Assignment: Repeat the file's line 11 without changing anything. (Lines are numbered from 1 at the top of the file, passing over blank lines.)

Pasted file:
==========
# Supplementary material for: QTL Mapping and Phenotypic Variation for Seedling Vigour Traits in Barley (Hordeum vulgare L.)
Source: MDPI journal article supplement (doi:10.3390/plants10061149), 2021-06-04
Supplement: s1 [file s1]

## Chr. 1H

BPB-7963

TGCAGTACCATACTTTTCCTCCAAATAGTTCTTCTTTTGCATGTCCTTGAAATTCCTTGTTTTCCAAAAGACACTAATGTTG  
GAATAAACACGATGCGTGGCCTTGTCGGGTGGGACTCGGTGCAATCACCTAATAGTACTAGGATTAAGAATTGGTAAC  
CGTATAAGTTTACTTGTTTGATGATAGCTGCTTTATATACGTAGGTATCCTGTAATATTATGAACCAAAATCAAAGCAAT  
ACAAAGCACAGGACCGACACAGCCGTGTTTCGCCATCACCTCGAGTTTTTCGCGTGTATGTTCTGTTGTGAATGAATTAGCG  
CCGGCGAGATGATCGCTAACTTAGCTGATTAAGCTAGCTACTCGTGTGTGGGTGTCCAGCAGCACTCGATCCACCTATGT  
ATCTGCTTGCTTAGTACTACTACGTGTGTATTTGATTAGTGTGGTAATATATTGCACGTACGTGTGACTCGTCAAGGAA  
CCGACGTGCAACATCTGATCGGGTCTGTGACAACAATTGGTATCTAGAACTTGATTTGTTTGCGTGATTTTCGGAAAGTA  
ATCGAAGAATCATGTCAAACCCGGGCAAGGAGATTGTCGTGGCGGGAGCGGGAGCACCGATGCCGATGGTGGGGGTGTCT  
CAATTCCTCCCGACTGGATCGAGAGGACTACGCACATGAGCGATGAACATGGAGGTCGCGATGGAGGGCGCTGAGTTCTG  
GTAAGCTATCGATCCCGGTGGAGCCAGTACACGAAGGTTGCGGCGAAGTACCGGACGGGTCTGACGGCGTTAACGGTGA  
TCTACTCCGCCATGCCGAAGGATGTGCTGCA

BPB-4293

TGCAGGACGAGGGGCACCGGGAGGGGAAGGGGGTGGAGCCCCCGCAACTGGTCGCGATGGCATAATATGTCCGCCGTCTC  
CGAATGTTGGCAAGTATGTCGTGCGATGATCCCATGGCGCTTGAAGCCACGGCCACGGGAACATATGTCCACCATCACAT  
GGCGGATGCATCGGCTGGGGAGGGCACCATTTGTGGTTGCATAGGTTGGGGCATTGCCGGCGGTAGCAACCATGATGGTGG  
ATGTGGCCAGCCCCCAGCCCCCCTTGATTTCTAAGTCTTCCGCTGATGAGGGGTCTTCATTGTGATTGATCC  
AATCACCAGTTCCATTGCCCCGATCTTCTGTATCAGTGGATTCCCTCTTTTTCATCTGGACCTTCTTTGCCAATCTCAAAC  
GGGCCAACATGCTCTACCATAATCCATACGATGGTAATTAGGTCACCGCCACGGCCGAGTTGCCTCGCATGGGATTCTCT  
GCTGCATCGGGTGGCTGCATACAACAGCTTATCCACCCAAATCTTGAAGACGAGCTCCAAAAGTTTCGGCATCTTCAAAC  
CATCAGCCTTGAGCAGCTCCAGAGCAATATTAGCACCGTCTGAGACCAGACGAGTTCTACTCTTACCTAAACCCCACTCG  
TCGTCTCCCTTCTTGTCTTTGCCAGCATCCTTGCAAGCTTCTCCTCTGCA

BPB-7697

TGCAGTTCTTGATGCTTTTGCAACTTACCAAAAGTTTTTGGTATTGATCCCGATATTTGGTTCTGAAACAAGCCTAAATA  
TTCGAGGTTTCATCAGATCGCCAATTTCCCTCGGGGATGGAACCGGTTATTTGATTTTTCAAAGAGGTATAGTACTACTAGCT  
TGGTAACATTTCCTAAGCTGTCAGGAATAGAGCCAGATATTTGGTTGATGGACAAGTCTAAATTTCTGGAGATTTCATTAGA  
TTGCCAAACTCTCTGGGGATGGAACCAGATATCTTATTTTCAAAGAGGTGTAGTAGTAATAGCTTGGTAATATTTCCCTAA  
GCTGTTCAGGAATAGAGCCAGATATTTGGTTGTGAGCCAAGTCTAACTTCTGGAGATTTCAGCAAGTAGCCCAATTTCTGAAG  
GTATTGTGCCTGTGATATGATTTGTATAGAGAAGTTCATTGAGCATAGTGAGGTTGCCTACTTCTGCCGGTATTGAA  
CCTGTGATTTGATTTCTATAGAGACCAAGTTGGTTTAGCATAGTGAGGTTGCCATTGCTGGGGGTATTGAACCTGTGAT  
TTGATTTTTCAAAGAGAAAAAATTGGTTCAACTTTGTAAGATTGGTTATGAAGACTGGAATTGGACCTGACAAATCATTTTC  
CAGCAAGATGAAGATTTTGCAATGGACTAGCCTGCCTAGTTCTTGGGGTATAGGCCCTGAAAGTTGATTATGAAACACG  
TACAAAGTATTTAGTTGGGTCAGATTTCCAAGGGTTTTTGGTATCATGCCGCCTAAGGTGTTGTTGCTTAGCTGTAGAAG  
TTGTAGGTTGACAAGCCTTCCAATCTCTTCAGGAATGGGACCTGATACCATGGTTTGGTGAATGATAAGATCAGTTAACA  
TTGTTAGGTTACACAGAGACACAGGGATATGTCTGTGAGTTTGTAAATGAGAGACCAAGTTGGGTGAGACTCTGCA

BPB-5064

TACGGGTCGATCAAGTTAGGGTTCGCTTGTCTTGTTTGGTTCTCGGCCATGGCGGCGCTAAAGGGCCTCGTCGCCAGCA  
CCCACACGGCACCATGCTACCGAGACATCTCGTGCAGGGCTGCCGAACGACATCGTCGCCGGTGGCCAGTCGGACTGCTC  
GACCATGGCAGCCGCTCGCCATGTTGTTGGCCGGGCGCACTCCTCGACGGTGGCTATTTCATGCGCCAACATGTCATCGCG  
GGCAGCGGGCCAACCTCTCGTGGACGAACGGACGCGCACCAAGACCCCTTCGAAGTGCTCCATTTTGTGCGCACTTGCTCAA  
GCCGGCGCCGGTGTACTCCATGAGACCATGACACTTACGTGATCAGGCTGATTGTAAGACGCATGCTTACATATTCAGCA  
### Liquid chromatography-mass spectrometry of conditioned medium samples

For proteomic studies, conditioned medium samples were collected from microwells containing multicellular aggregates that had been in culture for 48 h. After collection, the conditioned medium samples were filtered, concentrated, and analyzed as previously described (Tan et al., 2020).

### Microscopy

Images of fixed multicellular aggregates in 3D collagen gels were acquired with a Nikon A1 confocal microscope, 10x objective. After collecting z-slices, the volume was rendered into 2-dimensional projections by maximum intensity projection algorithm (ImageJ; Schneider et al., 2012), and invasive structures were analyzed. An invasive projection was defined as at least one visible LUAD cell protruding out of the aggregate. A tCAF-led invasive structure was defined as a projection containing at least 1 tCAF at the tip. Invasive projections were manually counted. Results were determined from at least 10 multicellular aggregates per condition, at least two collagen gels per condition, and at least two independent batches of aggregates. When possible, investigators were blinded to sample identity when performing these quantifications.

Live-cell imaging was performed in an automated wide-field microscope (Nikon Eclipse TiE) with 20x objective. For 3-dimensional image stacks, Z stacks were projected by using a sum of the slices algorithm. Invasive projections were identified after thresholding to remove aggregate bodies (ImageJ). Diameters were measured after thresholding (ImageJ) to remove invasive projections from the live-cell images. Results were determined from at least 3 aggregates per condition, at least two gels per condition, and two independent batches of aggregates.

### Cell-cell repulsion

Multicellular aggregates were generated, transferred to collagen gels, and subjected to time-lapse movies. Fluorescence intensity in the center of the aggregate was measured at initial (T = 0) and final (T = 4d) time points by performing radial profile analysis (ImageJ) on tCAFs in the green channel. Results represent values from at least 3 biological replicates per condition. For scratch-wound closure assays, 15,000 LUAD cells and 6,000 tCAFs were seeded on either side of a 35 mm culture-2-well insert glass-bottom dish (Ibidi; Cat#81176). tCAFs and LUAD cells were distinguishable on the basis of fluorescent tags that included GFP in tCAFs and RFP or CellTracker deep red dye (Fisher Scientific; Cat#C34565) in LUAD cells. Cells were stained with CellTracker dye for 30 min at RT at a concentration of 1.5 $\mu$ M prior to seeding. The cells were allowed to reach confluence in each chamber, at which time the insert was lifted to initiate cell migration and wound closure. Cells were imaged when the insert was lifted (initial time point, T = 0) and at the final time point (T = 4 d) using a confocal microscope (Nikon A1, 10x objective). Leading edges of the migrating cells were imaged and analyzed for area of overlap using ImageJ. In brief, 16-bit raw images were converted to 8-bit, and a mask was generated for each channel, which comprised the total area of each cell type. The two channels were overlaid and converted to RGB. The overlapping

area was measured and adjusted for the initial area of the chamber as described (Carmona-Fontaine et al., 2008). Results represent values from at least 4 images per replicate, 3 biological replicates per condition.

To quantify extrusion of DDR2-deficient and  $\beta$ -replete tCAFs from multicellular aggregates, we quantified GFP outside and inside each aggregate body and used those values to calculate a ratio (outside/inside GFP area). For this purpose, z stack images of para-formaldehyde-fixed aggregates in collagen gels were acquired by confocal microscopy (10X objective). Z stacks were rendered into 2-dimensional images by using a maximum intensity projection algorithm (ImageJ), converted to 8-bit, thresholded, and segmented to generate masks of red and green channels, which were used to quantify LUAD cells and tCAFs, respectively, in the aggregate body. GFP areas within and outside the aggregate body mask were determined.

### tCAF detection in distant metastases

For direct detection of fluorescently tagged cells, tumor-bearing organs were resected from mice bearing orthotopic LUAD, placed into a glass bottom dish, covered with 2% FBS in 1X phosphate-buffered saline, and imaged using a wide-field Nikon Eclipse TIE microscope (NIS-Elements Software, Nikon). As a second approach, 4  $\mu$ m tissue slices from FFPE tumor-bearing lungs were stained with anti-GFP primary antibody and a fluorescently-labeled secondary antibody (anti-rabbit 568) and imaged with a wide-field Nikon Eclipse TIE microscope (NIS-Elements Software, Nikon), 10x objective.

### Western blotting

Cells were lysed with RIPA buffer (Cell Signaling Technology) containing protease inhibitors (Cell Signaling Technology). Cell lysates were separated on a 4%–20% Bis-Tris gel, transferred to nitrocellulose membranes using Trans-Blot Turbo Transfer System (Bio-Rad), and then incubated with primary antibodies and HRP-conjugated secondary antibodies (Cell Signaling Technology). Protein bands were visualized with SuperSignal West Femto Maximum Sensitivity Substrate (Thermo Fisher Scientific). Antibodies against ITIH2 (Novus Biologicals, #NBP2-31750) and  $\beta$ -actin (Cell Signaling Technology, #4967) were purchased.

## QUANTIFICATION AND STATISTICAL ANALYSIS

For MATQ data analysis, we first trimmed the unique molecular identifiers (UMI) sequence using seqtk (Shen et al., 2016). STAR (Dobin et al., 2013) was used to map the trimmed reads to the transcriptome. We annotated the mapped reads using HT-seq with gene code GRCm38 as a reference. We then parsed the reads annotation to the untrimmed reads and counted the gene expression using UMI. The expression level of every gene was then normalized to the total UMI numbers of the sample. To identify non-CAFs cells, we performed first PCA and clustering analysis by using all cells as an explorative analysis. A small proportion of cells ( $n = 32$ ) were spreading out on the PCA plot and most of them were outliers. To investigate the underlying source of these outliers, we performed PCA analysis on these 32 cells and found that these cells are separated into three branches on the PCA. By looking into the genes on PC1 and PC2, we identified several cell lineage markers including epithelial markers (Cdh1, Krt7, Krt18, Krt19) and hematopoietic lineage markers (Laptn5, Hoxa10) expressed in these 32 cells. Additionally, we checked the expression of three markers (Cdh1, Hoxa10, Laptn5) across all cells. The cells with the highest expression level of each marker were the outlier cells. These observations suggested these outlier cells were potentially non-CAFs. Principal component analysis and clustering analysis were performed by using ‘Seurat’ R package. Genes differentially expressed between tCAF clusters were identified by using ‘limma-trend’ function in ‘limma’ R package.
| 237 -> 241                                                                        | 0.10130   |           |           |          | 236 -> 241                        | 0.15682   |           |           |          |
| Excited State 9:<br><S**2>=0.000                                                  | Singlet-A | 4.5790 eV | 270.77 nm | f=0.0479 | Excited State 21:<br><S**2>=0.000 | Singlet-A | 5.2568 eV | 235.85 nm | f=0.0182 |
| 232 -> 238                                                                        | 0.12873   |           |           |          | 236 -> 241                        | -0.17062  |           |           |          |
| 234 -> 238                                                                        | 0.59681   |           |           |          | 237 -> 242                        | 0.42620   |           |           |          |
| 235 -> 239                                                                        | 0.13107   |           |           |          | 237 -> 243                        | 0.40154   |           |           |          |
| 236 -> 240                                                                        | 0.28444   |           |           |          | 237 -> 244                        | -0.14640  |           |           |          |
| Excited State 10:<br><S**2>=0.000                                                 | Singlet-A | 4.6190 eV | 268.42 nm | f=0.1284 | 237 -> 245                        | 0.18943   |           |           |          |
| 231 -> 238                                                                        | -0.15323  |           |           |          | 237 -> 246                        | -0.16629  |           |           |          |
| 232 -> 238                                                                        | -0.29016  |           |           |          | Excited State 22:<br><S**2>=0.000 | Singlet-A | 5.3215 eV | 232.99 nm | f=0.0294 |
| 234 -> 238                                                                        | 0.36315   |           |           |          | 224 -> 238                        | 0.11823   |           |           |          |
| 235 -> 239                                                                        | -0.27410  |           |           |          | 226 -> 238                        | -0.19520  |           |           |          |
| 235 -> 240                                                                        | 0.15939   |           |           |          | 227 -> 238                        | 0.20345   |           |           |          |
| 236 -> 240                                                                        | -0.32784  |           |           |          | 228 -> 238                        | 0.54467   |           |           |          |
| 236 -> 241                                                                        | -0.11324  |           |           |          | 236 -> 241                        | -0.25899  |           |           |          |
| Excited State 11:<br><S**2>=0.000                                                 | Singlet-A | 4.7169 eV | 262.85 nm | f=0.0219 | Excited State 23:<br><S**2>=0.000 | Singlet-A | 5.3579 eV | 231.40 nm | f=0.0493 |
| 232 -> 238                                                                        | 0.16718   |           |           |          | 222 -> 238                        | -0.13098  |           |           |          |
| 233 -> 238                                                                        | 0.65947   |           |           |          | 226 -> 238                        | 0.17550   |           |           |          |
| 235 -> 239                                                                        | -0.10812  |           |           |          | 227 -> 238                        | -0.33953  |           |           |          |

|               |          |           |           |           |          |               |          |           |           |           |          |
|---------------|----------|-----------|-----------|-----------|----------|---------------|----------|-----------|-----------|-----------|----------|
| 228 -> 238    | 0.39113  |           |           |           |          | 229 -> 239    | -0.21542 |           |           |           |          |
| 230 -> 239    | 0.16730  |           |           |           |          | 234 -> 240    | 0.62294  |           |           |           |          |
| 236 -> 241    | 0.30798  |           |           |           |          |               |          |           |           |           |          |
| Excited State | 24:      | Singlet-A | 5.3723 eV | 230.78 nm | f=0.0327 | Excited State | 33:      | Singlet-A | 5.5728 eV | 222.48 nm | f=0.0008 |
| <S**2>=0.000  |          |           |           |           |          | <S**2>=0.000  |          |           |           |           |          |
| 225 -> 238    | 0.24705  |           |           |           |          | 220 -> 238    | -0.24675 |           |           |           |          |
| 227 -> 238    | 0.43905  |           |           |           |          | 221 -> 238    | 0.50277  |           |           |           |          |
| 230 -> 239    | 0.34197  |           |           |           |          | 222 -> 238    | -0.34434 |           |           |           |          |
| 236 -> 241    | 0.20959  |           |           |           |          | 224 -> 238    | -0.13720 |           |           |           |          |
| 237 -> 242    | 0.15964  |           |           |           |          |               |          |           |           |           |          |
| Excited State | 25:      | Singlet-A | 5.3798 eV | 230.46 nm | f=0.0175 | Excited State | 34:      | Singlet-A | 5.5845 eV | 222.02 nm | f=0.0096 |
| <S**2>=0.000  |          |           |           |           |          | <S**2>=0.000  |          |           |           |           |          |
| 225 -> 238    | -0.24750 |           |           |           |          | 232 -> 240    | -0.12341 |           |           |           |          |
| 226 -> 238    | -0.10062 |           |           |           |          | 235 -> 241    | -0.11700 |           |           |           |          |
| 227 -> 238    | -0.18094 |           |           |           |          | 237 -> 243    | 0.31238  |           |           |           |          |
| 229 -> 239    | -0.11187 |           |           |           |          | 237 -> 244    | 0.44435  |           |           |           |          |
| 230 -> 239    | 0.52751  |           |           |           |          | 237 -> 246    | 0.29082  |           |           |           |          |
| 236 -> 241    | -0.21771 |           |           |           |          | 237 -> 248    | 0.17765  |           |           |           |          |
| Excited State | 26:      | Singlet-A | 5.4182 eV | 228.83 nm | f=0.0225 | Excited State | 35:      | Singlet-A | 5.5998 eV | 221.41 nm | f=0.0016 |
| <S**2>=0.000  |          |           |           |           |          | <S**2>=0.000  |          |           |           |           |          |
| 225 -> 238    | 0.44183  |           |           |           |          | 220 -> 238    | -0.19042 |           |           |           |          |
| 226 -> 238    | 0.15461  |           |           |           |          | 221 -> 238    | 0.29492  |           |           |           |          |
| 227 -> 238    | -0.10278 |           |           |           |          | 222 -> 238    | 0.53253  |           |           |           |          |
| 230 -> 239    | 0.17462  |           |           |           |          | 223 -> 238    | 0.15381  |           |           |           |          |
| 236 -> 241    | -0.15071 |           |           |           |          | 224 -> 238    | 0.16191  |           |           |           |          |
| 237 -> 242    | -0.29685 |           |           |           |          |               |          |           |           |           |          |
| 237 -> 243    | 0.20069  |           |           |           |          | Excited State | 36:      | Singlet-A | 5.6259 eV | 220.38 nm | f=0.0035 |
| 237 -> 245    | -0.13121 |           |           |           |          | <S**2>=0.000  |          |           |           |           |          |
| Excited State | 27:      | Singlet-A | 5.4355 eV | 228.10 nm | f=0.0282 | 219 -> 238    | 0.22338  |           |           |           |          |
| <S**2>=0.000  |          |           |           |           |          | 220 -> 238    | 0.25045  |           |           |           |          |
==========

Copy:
ATCTGCTTGCTTAGTACTACTACGTGTGTATTTGATTAGTGTGGTAATATATTGCACGTACGTGTGACTCGTCAAGGAA  